— Sheila Addison, Counselor in Oakland, CA

We are all connected to one another other, and we try to live a liberated life within hidden systems of inequity. Whether you consider yourself to be privileged or marginalized, the reality is we are all a part of oppressive structures we were born into, and this effects our ability to thrive. What can we do about this? Feminist therapy recognizes systems of power, and the harm they cause, centering transparency, empowerment, and the importance of the interpersonal as paths to freedom.

— Jackie Kosak, Art Therapist in Seattle, WA
 

Feminist therapy is a set of related therapies arising from what proponents see as a disparity between the origin of most psychological theories and the majority of people seeking counseling being female. It focuses on societal, cultural, and political causes and solutions to issues faced in the counseling process.

— Monica Manuel, Licensed Professional Counselor in Atlanta, GA

Feminist therapy isn't just for women! It is a modality that focuses on client issues through the lens of the client's experience and context, both personal and social/political/cultural; therefore it works well for clients of all kinds of identities! Diverse perspectives are encouraged/supported and the therapy relationship is more egalitarian to minimize the power differential. In other words, I work alongside my clients to help them work through their difficulties in a strengths-based way.

— Erin Shapiro, Licensed Professional Counselor in Dallas, TX
 

Feminist therapy isn't just for women! It is a modality that focuses on client issues through the lens of the client's experience and context, both personal and social/political/cultural. Diverse perspectives are encouraged/supported and the therapy relationship is more egalitarian to minimize the power differential. In other words, I work alongside my clients to help them work through their difficulties in a strengths-based way.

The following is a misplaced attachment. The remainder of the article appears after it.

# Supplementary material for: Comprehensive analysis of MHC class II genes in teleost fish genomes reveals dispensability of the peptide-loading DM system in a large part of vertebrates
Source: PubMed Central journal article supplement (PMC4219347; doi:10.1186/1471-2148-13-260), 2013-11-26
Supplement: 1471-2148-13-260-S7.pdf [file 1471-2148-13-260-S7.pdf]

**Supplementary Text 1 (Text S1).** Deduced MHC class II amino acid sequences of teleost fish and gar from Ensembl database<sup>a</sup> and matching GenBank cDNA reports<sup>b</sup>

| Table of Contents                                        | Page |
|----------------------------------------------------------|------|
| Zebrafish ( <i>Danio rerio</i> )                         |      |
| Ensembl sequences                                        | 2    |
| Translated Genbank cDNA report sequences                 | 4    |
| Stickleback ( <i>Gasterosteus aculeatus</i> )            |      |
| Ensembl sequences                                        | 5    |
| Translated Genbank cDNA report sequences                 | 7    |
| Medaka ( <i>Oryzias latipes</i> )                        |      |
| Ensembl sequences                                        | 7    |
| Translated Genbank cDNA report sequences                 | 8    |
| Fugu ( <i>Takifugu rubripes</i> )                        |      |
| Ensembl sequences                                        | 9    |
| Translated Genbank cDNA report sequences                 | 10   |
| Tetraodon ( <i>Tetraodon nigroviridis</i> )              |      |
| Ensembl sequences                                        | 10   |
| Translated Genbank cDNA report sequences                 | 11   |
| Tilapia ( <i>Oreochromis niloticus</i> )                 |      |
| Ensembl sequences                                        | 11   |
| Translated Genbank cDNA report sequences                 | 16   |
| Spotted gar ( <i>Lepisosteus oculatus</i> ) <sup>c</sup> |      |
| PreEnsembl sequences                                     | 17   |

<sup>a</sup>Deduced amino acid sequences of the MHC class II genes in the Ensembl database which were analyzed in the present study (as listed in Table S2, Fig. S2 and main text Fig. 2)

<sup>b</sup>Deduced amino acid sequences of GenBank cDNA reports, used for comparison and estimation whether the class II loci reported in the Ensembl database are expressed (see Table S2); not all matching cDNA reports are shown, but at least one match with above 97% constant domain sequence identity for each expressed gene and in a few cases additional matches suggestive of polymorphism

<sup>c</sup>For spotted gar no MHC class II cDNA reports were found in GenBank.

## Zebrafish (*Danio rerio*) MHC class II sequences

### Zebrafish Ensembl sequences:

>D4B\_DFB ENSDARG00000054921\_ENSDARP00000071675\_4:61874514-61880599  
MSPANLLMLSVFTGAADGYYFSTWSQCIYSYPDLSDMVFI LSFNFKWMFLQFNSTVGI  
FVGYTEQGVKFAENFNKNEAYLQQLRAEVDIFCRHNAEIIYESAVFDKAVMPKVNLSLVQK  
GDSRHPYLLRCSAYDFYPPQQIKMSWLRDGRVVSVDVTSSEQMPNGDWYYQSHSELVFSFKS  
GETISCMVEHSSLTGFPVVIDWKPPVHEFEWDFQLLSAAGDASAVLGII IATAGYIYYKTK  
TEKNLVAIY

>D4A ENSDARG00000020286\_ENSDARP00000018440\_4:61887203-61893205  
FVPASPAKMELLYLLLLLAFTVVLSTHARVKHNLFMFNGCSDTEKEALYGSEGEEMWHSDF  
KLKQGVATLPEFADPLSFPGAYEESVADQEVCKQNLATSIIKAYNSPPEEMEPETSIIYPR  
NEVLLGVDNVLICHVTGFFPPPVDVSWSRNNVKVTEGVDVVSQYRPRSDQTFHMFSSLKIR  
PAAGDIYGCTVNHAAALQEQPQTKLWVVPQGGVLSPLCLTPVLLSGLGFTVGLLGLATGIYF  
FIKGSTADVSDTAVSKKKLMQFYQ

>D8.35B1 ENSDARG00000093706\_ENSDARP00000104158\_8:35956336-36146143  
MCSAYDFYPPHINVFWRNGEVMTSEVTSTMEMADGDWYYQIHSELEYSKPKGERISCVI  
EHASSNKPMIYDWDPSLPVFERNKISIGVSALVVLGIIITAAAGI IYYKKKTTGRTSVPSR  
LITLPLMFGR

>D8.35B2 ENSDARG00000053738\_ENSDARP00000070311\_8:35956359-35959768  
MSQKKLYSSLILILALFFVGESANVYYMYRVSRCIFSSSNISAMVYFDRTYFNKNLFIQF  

— Erin Shapiro, Licensed Professional Counselor in Dallas, TX

I was there at the beginning of the feminist therapy movement in the 1970's in Berkeley, CA. I remember working with other women to discover what a feminist approach to crisis/rape counseling might involve. My doctoral dissertation was a feminist analysis of women who attempt suicide. This was at a time when there was almost no research on why women made more attempts than men.

— Karin Wandrei, Clinical Social Worker in Rohnert Park, CA
 

I am well-trained in feminist psychotherapeutic practice with members of the queer community, racial/ethnic minority populations, and with women/womxn.

— Sam Naimi, Psychotherapist in West Hollywood, CA

Feminism and a commitment to social justice guide my work. I consult the DSM and provide a diagnosis when appropriate (usually when you need to submit a superbill for reimbursement), but I find that more frequently the issues clients face are the result of systemic oppression rather than a personal problem.

— Christina (Christy) Reichert, Licensed Clinical Social Worker in Vancouver, WA
 

Therapists in our practice believe in using a collaborative approach to therapy. While we have knowledge coming from our own education and experiences, you have expertise in your life. We work to create a collaborative environment where you are working on your goals based on what you need and want for yourself.

— Karen Rothstein Pineda, Licensed Mental Health Counselor in Oak Park, IL

Power dynamics within the therapeutic relationship as well as society at large matter. We cannot ignore the systemic and environmental contexts in which we all live. I respect and honor your expertise on yourself and your world. I am here as a guide to help you heal, not as an expert to "fix." Collaborative and empowering are my most authentic ways to work with others.

— Desiree Howell, Psychologist in St. Petersburg, FL
 

I practice from an intersectional feminist lens, meaning that I take into account how all the parts of your identity (race, sexual orientation, size, faith, roles you occupy, etc.) impact your individual experience of being a woman, including your experiences of oppression. I consider you the expert on you, and me the expert on psychology, and together we partner to combine our expertise in the service of your goals. I seek to empower you to make your own best decisions according to your values.

— Linda Baggett, Psychologist in Manhattan Beach, CA